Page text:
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The Cockpit Theatre Elizabethan Era History

The playhouse is a sort of indoor theatre which houses around 500 people at a time. The importance of the playhouse in art and culture is huge. It dated back to the Elizabethan period. The playhouses were established to boost up junior artists for performing dramas and plays. The Cockpit Theatre was set up to enhance cock fighting in 1609.

Cockpit Theatre address


The Cockpit Theatre is significant to the history of London. It was the first theatre constructed at the Dury Lane. The Cockpit hosted several troupes including French troupes.

Facts About Cockpit Theatre Elizabethan Era

The rooster fighting was very popular during the Elizabethan period and this theatre hall became the perfect place for cock fighting. It was an exciting bloodshed game. However, later the Cockpit was transformed into a fantastic playhouse. Christopher Beeston was a very well known person and he owned his personal playhouse theatre which was named the Beeston’s Boys.

Beeston was actually one of the artists of Queen Anne’s men and his troupe was called the Beeston Boys.

The Cockpit Theatre Elizabethan Era

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His contribution was excellent in the matter of the modification and development of this Cockpit Theatre. However, in 1617 due to civil war in London, the irritated mob set the theatre hall on fire and finally it was burnt completely. Later, the new Cockpit Theatre was rebuilt and it was renamed the Phoenix Theatre.

The Cockpit became an excellent place for staging dramas. A number of eminent persons and dramatists were associated with this internationally recognized playhouse which was located at Drury Lane in London. Sir William Davenant played a major role in upgrading this playhouse. A number of world-class dramas and plays were staged in this Cockpit playhouse at different times. It became the major cultural centre in London.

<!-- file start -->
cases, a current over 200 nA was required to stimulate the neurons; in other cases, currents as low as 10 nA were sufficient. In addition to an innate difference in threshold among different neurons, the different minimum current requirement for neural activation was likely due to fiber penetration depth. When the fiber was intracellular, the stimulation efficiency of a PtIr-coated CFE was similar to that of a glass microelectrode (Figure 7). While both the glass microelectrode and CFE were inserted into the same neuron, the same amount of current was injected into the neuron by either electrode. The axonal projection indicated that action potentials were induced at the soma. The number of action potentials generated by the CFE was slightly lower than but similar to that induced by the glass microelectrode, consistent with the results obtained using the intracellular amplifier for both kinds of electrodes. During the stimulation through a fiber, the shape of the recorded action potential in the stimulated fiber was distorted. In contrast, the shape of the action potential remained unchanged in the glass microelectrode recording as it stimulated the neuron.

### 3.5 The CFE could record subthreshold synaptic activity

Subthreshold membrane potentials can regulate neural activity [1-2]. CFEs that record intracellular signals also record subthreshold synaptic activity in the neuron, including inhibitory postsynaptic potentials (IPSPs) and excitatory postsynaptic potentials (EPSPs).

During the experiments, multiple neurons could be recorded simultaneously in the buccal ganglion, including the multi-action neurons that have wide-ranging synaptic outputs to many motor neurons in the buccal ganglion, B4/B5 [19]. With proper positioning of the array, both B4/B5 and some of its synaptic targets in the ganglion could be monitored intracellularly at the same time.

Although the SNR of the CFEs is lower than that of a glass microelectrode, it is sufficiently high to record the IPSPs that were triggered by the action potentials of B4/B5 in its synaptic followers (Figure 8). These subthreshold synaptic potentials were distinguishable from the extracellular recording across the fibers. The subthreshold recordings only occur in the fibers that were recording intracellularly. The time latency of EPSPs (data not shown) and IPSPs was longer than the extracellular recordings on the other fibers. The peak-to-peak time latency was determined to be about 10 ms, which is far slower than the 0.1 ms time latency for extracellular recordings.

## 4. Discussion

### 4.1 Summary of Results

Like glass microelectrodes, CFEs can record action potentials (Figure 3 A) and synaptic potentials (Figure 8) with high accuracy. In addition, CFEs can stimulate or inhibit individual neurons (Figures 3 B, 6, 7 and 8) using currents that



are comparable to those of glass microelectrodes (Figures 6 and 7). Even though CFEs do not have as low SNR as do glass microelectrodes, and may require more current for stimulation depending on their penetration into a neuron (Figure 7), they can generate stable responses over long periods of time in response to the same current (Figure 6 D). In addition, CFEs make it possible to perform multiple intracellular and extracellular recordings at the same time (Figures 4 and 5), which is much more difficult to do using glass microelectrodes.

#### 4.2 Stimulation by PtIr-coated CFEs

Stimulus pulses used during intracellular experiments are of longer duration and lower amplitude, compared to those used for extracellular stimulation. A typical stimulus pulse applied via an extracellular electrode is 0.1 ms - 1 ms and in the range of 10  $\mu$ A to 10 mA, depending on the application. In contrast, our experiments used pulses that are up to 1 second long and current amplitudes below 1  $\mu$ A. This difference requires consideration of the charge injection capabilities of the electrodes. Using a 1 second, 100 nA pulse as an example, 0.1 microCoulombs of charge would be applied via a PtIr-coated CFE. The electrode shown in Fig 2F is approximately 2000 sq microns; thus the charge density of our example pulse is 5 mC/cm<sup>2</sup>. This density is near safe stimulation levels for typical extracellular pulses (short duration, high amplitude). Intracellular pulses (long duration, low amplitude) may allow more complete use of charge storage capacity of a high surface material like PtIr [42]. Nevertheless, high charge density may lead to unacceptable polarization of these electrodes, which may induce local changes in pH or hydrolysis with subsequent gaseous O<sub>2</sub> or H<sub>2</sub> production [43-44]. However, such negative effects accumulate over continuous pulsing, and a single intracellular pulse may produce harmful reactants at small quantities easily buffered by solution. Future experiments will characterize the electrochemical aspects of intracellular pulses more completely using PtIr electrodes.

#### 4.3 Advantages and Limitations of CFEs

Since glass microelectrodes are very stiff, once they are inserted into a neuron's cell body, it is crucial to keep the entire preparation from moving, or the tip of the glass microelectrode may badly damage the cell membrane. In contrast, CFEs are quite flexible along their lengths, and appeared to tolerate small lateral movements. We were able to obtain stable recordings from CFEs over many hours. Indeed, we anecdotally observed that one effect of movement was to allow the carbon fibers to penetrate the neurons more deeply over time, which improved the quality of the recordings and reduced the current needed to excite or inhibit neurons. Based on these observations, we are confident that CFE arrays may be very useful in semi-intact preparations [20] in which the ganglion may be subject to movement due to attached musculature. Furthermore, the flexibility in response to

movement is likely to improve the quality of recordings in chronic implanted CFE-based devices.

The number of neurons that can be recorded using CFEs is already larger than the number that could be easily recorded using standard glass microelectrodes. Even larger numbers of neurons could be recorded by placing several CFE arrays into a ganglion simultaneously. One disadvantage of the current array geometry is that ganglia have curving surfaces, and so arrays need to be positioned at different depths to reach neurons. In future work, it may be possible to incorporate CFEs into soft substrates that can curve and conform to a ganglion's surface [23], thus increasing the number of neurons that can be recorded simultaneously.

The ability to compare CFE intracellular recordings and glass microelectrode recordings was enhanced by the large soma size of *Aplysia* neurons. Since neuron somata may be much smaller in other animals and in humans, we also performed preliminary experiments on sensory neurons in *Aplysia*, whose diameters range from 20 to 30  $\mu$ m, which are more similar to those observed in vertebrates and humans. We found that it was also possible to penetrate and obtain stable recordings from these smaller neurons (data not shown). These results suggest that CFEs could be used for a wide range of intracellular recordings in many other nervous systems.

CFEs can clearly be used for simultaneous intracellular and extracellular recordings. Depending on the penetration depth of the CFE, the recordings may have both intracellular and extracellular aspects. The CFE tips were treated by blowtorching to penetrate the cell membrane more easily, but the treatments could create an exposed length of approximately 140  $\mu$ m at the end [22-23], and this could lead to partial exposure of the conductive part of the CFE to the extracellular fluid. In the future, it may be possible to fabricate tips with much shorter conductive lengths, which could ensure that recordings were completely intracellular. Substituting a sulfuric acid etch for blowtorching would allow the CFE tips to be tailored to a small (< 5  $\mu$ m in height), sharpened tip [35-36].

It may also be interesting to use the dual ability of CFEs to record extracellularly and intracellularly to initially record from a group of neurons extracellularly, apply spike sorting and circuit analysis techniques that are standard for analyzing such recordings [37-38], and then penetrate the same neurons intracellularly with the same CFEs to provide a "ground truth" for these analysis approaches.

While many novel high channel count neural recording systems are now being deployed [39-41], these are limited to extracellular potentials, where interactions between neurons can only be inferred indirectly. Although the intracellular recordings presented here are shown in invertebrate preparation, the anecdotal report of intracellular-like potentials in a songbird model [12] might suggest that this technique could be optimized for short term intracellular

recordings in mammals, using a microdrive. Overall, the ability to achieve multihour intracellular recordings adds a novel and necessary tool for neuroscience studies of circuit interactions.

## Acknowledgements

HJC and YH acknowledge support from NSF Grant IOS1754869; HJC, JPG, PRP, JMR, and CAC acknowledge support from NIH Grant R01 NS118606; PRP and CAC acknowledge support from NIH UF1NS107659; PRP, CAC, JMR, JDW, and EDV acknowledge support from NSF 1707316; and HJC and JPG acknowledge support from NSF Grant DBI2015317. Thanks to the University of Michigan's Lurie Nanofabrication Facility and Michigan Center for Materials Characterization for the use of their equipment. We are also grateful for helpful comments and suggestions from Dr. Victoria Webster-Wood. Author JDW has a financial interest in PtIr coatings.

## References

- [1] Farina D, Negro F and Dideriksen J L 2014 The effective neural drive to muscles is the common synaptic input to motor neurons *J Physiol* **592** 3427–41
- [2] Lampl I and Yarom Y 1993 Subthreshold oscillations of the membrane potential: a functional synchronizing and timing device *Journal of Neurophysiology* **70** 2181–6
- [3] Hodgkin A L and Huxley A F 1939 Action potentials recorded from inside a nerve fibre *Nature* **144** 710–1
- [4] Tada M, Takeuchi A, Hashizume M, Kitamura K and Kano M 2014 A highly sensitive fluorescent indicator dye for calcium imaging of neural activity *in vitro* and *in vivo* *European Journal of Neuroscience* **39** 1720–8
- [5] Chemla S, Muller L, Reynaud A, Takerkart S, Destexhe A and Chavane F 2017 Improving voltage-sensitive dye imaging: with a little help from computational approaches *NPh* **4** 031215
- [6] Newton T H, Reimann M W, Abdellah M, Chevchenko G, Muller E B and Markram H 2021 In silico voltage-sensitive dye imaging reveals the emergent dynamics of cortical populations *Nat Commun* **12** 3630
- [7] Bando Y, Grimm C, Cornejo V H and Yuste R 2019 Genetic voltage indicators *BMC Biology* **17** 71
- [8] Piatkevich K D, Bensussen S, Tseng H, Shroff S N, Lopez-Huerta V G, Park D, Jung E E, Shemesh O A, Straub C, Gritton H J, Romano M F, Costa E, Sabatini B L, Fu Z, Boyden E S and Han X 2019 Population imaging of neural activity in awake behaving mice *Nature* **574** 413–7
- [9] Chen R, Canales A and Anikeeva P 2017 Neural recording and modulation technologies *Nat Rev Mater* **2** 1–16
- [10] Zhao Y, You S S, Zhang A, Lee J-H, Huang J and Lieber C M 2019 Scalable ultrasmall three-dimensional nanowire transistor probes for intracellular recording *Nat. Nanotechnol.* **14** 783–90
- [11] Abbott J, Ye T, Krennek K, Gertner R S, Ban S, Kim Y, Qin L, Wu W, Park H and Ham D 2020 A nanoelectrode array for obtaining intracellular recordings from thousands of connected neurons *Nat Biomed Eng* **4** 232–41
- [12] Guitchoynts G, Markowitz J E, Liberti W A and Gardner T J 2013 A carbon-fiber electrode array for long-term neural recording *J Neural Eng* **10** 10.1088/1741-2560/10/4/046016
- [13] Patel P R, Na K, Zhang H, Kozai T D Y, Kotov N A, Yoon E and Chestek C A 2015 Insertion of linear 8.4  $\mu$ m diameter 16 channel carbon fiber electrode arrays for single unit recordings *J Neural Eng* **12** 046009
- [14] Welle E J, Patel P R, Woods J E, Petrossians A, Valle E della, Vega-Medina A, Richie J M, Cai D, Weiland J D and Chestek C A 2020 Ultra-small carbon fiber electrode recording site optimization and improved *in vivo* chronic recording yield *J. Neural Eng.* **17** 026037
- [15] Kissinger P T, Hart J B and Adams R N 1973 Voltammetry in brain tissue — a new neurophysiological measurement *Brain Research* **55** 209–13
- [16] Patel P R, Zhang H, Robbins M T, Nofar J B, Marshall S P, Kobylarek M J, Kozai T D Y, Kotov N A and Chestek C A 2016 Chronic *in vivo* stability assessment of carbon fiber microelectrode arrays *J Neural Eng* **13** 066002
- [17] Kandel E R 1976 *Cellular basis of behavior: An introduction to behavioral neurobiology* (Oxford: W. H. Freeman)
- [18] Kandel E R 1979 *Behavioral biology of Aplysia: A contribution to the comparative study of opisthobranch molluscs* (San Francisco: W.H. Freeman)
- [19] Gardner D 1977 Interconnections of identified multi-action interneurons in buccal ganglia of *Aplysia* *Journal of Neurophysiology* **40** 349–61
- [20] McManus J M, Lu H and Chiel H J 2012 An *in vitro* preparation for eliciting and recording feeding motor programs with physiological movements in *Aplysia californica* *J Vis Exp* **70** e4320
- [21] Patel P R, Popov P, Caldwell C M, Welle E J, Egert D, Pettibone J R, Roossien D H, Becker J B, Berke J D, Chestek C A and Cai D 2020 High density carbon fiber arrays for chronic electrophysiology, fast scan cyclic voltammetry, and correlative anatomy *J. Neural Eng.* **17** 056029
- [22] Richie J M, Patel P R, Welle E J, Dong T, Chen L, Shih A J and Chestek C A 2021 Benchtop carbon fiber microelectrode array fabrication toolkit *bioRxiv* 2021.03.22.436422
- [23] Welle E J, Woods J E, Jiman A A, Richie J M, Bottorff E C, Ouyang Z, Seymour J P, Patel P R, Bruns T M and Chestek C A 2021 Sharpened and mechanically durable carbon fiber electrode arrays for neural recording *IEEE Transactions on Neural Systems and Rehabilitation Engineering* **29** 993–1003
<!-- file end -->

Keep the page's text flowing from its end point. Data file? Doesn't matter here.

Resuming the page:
Several plays were also staged illicitly in the Cockpit Theatre. William Davenant was granted special permission in 1649 by Oliver Cromwell to stage two of his musicals – The Cruelty of the Spaniards in Peru in 1658 and Sir Francis Drake in 1659. They were some of the earliest English operas.

The theatre was reopened in 1660 and John Rhodes was made the manager. However, it was again forced to close down in 1665 due to severe competition from the neighbouring Drury Lane Theatre.

Elizabethan Cockpit Theatre History

In British history, the Cockpit Playhouse has possessed a prestigious niche. The Cockpit was very brilliant in design. The seating arrangement was also very excellent. The visitors enjoyed every moment by watching dramas and operas. The Cockpit playhouse was crowded during wintry evenings when respectable and renowned dignitaries and senior citizens gathered at the playhouse for watching the dramas which were staged in this playhouse.

The Cockpit Theatre Elizabethan Era

The lighting accessories were very excellent. Large size candles were illuminated. The rows of seats were perfectly arranged in the theatre hall of the Cockpit. There was adequate space for free movement. This Cockpit indoor playhouse had a fantastic seating arrangement for 500 visitors. However, it is also true that the number of general persons to attend the cultural shows and programs at this Cockpit playhouse was low because the entry cost was high.

A guy had to spend 26 pennies to see the dramas at the Cockpit. When the candles were replaced, short interval period was declared. In between visitors had plenty of time to get the food and soft drinks. The Cockpit during Elizabethan period was well known to upscale society. It was luxurious with beautiful stage setting.

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